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The competition for HBCU marching band of the year


Today was college football's Celebration Bowl, the de facto national championship for historically Black colleges and universities. There were some other Black national championships decided last night as well.


DETROW: On the eve of the football game, Atlanta hosted the inaugural HBCU band of the year competition, featuring four of the country's top marching bands. One of the finalists was Jackson State University's Sonic Boom of the South, led by band director Roderick Little, who joins us today from the bus on the tail end of the drive back to campus from Atlanta. Dr. Little, welcome to ALL THINGS CONSIDERED.

RODERICK LITTLE: Oh, thank you for having me. I'm excited to be on.

DETROW: I've got to start by letting the audience know that that you all did not win band of the year in your division for bigger schools. You were edged out by North Carolina A&T, and the winner wasn't announced until this afternoon. You all just found out. How are you all feeling?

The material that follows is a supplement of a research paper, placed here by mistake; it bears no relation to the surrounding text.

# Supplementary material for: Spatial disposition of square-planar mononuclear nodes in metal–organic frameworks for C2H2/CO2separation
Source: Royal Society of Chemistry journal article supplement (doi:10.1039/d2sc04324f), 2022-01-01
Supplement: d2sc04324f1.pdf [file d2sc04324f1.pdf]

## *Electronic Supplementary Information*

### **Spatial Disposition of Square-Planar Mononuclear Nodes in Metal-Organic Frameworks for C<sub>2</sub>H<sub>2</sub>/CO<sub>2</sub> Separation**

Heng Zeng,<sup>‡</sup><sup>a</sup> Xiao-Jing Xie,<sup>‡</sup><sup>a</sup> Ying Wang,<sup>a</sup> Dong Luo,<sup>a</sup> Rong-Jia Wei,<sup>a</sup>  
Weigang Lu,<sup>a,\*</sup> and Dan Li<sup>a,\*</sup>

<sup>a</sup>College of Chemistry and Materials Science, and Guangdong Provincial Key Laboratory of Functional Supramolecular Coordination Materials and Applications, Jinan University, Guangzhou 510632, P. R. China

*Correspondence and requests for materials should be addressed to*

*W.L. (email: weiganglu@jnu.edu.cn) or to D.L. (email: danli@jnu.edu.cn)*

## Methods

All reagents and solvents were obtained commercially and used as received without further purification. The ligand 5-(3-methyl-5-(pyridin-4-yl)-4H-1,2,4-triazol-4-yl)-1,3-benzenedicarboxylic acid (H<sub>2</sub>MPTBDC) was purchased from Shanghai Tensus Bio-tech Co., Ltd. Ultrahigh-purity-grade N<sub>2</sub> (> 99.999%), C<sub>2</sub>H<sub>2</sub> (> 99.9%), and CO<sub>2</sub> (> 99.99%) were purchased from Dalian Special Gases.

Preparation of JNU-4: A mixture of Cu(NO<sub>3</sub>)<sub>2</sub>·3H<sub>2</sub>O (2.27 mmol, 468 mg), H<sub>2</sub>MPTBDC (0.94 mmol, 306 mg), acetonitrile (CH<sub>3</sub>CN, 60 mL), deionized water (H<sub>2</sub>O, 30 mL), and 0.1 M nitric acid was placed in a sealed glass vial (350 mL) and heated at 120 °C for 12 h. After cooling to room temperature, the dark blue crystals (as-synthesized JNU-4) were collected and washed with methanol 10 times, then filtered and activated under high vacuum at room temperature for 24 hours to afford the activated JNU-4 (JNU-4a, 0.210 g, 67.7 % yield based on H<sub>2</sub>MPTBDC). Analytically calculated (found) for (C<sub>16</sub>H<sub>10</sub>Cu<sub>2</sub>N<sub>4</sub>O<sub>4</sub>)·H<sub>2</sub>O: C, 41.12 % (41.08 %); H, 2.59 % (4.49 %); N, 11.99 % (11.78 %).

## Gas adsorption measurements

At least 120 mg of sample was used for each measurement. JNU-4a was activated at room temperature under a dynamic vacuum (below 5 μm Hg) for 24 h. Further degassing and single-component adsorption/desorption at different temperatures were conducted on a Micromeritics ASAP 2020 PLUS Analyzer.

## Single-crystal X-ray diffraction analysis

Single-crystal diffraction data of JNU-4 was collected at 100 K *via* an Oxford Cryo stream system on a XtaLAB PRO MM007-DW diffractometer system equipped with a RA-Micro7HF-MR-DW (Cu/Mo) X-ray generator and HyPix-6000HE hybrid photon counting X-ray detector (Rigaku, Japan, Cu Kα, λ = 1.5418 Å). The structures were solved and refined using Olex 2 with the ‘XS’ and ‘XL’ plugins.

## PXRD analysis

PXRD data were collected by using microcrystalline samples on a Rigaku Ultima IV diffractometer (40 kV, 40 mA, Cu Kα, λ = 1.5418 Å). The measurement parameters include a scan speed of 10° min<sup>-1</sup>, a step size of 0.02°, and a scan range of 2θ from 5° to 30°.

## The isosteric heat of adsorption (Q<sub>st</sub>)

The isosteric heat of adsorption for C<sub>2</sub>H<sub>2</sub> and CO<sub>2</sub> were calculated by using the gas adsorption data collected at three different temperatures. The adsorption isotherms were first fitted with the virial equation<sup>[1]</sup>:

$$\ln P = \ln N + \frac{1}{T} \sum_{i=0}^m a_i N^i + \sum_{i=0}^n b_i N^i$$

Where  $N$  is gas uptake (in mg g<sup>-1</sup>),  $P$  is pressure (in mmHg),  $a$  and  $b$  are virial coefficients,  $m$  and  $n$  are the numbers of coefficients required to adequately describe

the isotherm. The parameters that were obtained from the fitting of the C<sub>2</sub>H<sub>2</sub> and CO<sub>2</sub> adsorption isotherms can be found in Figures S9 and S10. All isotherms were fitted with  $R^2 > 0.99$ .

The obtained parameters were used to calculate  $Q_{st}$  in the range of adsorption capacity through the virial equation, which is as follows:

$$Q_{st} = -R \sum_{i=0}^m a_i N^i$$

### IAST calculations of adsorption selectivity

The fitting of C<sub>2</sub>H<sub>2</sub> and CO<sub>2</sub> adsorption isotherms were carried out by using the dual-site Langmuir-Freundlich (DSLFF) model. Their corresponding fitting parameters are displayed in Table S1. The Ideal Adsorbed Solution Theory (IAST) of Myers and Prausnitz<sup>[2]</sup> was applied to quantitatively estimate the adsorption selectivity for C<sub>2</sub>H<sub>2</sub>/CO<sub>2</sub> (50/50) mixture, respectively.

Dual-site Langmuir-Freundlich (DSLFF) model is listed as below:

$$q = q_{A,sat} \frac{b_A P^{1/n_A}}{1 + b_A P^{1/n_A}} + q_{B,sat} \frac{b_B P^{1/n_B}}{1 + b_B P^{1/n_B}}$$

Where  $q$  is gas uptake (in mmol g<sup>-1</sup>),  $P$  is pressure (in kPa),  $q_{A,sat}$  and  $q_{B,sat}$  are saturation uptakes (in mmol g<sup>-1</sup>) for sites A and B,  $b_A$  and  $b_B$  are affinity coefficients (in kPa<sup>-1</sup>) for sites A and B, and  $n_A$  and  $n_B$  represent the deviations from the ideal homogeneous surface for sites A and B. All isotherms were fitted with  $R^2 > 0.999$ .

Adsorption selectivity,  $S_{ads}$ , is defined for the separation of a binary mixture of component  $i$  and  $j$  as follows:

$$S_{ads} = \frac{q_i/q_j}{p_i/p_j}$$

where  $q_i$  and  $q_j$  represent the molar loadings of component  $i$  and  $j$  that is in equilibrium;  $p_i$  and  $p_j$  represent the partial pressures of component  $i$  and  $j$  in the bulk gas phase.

LITTLE: Overall, we're doing good. You know, of course, we would have liked to come out on the winning side. But, you know, one thing that we discuss to our students at length is that, you know, we don't need anybody or polls or adjudicators to validate what we do in our program. And so as long as we are better than what the previous Sonic Booms were in the past, which is our dial to basically gauge how we're doing as a program, then we're fine.


LITTLE: So you know, so right now we're taking it in stride, you know, heading back to Jackson as we look forward to a great holiday break, much-needed break.

DETROW: The commentators of today's game were talking about this during the broadcast. They thought you would all win. They said your sound and swagger were huge. How did it feel to your band to be out under the bright lights in this competition?

LITTLE: Well, you know, actually, being out, you know, in the bright lights is nothing new to us. You know, we just had, you know, a nationally known coach by the name of Deion Sanders. You may know him.

DETROW: Heard of that guy.